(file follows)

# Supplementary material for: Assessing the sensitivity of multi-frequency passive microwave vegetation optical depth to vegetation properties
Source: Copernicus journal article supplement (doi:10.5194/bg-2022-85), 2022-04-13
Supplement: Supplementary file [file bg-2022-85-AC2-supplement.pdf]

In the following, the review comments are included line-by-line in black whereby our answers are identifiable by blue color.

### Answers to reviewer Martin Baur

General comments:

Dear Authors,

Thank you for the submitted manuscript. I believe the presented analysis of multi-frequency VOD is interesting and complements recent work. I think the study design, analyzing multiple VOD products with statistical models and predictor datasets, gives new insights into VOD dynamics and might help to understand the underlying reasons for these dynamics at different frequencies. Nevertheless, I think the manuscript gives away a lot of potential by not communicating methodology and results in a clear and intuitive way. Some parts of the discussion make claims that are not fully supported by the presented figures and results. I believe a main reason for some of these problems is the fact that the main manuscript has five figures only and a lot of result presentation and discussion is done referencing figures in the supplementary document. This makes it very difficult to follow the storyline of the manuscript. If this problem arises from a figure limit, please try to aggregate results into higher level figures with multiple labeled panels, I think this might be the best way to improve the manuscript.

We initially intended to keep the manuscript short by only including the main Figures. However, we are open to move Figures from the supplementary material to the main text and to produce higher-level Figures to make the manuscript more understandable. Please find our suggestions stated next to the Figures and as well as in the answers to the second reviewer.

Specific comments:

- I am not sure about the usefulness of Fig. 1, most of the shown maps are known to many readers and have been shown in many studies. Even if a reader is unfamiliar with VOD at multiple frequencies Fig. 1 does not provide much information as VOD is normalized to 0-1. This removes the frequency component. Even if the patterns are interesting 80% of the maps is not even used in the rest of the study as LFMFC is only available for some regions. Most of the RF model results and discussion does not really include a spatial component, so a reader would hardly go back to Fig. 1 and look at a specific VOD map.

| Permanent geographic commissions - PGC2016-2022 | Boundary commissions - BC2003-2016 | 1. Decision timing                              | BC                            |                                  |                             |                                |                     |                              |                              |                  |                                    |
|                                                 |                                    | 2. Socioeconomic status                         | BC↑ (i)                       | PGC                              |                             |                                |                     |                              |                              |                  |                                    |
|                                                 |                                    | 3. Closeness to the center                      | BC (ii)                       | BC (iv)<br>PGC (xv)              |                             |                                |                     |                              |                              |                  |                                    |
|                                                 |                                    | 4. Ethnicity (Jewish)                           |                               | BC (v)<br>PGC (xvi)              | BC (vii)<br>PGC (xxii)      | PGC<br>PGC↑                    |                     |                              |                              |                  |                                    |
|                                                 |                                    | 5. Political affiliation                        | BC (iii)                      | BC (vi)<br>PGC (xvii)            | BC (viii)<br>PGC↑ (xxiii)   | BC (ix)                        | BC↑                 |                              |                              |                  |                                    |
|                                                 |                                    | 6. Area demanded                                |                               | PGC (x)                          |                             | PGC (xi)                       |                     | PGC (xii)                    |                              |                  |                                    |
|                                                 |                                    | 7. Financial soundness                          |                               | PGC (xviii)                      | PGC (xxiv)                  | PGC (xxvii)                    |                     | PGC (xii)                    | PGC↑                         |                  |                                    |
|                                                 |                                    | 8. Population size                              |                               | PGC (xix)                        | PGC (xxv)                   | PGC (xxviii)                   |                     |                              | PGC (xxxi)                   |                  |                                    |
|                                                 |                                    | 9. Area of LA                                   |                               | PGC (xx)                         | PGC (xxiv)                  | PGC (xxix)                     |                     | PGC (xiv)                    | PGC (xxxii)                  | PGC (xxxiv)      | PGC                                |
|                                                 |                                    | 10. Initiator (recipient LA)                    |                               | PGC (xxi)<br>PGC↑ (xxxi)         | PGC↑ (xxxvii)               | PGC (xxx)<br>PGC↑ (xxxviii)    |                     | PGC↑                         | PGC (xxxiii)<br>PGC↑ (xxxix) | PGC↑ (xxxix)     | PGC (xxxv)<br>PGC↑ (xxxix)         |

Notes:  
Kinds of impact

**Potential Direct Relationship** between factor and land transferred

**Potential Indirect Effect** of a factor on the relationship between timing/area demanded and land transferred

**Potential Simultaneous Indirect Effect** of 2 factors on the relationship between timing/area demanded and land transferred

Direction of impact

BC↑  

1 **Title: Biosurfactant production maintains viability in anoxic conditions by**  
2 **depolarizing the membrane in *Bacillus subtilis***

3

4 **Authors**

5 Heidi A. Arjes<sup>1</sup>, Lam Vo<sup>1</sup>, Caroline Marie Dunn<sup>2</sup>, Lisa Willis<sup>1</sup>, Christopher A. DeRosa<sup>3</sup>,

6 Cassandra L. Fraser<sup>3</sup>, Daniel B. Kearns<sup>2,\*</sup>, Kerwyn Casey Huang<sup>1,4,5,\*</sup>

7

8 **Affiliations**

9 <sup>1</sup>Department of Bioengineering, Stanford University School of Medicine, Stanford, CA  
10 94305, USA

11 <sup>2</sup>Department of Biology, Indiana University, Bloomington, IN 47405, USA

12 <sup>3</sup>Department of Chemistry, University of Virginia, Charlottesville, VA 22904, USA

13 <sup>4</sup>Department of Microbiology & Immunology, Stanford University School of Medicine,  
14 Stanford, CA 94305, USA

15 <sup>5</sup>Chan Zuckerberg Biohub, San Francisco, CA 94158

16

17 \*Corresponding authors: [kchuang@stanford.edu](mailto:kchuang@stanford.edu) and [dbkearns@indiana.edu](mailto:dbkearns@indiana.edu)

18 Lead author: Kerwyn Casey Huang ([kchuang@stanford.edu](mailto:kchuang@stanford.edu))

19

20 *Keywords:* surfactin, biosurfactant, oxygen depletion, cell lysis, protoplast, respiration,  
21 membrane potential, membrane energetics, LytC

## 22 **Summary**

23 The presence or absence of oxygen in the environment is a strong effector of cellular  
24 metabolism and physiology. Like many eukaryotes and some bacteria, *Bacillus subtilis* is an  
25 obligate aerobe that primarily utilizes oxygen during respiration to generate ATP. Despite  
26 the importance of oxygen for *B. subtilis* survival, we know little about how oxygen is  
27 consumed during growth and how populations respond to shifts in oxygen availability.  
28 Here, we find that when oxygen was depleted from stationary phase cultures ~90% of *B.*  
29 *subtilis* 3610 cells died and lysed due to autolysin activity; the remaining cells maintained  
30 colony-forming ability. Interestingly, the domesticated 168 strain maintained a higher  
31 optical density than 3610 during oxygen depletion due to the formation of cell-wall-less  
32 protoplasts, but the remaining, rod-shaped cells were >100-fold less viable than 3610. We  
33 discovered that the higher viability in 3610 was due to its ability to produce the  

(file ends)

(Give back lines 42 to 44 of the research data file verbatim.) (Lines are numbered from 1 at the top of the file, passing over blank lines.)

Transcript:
14 Stanford, CA 94305, USA

15 <sup>5</sup>Chan Zuckerberg Biohub, San Francisco, CA 94158

16